Enduring Artistry

The immortal genius of Bowie and Reed


David Bowie and Lou Reed, two of the most literary artists of the 1960s and 70s, both came to my attention in my early teens, in Massachusetts. Each summer, I visited my musically obsessed cousins, listened to their newest albums, and heard great Boston and Providence radio stations. From the haze of their widely varied interests, I recognized Reed as the “Walk on the Wild Side” guy, and Bowie as someone who “held a séance” at his shows.

Bowie meant a great deal to my cousins and, as his recent demise has revealed, many felt the same. But, over the next years, Lou became my guy. He was a punk. His honesty was often brutal, but I preferred that to the corporate crap of the mid-late 1970s. I didn’t want to be lied to.

But each of them sustained a lie in those days that they were homosexual. Or they represented themselves as and to homosexuals. And as I was learning more about them in the early 80s, they revealed heterosexual lives. Their fans were betrayed. They hated themselves. They were complicated and decadently indulged artists.

Now that both Lou and David are gone, I can understand them better as a unit. Bowie once said that the Velvet Underground, with Lou as lead songwriter, had created a new landscape that he (Bowie) peopled with his own creations. And, of course, David produced Lou’s great solo work, “Transformer,” which contains “Walk on the Wild Side.” Still, they didn’t stay close in their art over the years. Big egos?

Now that they aren’t here to tell me no, I feel I owe them both a great debt of artistic gratitude. Put together, they are like John Lennon and Paul McCartney, great songwriters and artistic talents who needed each other to shift the way pop and art interacted. Their influence together resounds, as does Andy Warhol’s, throughout world culture.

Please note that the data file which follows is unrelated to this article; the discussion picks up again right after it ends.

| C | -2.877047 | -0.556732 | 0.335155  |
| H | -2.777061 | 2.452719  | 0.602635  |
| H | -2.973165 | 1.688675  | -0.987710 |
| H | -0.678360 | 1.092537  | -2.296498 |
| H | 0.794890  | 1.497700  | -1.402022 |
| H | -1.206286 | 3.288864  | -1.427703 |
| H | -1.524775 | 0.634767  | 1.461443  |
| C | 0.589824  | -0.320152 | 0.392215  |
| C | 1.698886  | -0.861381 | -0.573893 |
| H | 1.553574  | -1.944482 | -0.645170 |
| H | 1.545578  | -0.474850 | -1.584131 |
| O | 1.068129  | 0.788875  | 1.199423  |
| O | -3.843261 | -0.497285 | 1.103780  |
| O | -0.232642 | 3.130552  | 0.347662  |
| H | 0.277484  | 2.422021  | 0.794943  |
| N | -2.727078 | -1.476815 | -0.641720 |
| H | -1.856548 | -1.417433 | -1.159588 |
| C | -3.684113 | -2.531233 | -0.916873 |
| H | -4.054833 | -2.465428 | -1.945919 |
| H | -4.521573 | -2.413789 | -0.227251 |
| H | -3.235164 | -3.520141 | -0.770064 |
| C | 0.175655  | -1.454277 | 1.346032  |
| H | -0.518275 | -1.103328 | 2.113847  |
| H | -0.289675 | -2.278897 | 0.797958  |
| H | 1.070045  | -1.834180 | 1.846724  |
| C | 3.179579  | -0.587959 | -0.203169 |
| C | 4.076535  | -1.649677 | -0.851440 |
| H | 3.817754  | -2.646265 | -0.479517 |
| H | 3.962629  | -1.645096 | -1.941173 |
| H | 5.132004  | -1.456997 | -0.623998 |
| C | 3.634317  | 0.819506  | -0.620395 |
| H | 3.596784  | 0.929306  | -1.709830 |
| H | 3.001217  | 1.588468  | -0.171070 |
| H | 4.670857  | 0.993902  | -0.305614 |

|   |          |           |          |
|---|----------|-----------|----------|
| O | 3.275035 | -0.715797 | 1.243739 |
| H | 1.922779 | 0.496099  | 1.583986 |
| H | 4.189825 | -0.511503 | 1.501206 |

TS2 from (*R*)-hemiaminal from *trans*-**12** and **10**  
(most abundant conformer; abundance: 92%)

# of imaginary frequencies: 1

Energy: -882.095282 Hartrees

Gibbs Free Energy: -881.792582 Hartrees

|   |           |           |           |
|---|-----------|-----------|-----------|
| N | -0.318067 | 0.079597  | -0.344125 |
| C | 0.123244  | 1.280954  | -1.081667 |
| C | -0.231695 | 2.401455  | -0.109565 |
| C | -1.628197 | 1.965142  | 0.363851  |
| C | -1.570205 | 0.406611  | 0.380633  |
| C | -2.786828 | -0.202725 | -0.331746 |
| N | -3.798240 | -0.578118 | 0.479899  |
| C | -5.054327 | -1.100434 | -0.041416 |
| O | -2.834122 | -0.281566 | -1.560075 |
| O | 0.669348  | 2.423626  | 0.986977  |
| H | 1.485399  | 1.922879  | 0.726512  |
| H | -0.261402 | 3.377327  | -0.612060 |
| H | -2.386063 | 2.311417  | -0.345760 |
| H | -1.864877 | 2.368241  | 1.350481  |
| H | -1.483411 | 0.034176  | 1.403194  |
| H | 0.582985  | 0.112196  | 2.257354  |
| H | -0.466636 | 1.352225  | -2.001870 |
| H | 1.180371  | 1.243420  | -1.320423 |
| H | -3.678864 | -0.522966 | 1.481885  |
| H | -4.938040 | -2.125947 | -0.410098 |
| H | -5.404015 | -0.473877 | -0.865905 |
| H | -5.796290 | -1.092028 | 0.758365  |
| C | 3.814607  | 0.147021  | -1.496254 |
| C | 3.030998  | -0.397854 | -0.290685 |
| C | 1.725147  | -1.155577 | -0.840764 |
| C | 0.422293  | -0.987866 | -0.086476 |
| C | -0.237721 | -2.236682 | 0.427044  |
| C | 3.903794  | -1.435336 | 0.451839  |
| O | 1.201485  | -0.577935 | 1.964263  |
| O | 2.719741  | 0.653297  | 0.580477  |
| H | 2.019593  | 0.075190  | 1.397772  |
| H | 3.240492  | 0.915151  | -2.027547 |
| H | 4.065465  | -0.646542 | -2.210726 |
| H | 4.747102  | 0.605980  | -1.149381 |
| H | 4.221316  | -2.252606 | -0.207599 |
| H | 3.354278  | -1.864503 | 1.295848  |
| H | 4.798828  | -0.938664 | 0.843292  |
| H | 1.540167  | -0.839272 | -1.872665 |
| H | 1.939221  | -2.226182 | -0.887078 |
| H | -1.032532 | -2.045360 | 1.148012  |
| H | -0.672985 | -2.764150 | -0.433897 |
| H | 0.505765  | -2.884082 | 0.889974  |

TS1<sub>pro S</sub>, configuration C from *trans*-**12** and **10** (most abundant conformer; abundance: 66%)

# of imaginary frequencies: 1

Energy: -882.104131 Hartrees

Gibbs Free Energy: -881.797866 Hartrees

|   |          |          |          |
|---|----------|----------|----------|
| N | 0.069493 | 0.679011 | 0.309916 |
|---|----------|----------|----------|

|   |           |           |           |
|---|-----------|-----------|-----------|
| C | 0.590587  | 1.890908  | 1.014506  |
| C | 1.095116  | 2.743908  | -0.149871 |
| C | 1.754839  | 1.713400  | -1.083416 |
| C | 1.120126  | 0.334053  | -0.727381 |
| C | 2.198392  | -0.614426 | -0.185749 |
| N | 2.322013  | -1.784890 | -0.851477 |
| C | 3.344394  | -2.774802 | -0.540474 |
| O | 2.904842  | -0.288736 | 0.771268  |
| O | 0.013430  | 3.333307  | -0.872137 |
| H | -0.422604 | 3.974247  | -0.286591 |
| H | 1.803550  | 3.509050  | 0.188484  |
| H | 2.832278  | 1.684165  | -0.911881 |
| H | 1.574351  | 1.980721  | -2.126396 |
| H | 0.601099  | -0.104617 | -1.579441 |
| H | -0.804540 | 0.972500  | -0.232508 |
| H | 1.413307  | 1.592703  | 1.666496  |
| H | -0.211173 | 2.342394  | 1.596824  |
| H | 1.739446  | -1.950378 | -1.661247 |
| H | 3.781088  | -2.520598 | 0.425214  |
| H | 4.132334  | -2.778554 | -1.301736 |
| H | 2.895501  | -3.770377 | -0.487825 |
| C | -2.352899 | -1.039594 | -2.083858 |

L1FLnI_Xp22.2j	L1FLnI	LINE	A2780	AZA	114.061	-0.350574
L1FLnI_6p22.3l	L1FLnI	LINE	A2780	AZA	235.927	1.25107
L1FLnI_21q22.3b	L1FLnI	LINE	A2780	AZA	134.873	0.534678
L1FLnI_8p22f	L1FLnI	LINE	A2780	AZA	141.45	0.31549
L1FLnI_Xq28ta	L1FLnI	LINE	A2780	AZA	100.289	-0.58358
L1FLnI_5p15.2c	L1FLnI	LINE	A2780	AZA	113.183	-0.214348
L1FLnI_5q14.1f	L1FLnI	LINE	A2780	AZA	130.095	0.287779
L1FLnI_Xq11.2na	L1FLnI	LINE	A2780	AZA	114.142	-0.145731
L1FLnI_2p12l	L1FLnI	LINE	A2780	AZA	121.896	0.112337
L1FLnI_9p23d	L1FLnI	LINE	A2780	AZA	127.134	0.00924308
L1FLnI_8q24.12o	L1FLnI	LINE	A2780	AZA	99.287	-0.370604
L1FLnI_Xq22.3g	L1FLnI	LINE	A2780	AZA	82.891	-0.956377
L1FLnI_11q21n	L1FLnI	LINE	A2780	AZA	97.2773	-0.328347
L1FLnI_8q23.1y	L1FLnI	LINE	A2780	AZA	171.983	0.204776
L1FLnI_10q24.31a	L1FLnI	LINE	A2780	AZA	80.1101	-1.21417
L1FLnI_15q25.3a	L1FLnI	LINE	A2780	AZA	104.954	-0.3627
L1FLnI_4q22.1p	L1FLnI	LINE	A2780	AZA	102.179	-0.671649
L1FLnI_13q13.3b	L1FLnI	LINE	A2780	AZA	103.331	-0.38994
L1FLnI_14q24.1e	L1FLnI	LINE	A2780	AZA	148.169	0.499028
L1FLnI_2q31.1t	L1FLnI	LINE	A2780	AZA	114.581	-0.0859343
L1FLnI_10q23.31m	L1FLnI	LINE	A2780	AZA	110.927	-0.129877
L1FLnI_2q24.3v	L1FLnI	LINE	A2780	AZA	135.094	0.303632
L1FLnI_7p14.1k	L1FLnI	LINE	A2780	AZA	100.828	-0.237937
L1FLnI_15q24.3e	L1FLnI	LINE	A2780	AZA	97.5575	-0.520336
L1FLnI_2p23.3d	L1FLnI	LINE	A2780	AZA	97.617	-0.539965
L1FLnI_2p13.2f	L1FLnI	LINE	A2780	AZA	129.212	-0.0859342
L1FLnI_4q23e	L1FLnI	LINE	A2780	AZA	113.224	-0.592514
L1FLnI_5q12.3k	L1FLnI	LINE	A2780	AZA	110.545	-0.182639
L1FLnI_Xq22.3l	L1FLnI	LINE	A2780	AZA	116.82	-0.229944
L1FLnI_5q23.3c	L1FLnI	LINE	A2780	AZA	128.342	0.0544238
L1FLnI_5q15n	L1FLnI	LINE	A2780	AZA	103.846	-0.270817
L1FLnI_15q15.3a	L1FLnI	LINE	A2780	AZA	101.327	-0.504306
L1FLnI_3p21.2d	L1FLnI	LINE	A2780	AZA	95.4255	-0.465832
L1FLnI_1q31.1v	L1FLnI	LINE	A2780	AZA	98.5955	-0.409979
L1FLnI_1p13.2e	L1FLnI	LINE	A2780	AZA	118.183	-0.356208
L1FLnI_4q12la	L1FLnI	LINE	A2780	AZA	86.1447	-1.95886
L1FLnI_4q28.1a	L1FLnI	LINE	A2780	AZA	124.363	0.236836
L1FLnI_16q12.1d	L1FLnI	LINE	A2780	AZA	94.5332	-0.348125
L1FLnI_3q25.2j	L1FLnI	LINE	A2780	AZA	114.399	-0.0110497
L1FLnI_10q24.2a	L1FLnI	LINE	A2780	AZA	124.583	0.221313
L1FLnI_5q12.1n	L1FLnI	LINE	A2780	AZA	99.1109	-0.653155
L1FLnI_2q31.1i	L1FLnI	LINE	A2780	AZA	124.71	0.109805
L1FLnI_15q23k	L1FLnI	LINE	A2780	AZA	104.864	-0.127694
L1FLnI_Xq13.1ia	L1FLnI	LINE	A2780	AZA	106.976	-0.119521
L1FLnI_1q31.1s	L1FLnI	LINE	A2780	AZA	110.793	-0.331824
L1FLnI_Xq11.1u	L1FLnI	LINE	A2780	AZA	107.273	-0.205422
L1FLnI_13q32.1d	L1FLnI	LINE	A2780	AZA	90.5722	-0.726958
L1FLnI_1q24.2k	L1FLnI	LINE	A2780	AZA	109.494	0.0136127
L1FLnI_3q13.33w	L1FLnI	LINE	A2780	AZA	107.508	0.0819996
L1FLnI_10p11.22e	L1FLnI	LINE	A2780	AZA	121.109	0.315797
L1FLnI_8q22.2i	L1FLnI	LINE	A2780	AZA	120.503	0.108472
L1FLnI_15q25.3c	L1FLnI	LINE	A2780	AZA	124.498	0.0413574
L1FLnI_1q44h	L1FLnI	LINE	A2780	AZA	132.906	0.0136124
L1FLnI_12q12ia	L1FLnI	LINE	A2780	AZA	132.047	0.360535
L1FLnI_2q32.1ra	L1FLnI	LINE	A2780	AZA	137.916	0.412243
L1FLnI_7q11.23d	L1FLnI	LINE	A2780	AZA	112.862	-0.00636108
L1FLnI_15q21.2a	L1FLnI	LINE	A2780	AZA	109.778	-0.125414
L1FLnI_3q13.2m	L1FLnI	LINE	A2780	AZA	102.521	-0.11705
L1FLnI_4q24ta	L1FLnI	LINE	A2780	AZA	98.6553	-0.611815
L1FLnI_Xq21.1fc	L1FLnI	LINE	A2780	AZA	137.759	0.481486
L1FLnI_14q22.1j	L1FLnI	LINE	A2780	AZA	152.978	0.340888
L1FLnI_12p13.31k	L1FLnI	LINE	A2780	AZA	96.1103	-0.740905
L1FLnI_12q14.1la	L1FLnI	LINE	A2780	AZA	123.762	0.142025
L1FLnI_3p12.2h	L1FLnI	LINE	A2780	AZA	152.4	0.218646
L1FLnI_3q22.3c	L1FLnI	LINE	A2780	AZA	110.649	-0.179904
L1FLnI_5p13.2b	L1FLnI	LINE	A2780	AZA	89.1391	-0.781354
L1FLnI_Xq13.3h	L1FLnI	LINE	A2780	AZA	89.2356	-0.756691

Does anyone think that Lou and David were insignificant to the gay-rights movement of the 70s? Their fame, and their playing with fame, as well as their artistry, vastly expands the scale of their pop-musical achievements. But that shouldn’t diminish their musical triumphs. The storytelling in such masterpieces as “Space Oddity,” “A Perfect Day,” “Heroes,” and “New Age” stands up to years of analysis, revealing new angles over time.

They conveyed something greater than entertainment to their audiences: freedom, suffering, urgent desire, a dogged demand to keep moving forward. That’s why thinking of them together now is so becalming. They shared their urban, disaffected, over-stimulated, under-intellected landscape, the grim existential reality we all face. And they took pleasure in it. They marked its passing, building monuments to the frailty of all human endeavor.

That message reached me, dislocated in the American suburbs, disconnected from my peers, unable to articulate with reason. They told me the artist creates the life worth living by taking action. They told me that you have to leave home and make your own self, create your own home and identity, and that these things could and should fluctuate, maximizing freedom and suffering. I learned not to shy away from pain.

Lou and David also taught me something else: Fame is wretched. If you can’t walk down the street anonymously, then you’ll have a problem knowing what the real you is looking for. Much better to stay under the radar, away from the spotlight, free of the chains of fame, money, sex, drugs, and all the fun things that kill us. These guys turned themselves inside-out to share with their audiences and had great outward success, but they had to do hard work to get back inside in relation to themselves again. Their privacy was destroyed until they wrestled it back.

They both had lulls in their careers. They both suffered the effects of too many drugs. They both diffused their energies after they dissipated them. They weren’t always easy to follow. But they were artists. They were moving on and dealing with their issues their way. They kissed. They came together so that we can keep them together.

Artists can be gods, or they can be everyday people who act like gods, or they can just be everyday people who have contact with the gods. I’m not the same person I was in the mid-1970s, but I watched Lou and David all those 40 years. And they gave me a lifetime of beauty and fascination. They demonstrated that the work of the solo artist is irreplaceable. And I want to do that, too.

Y.S. Fing is a composition lecturer at a local university and a literary gadfly in the DC area. Recently, he has been experimenting with short-essay form in Fingism and Finglish.

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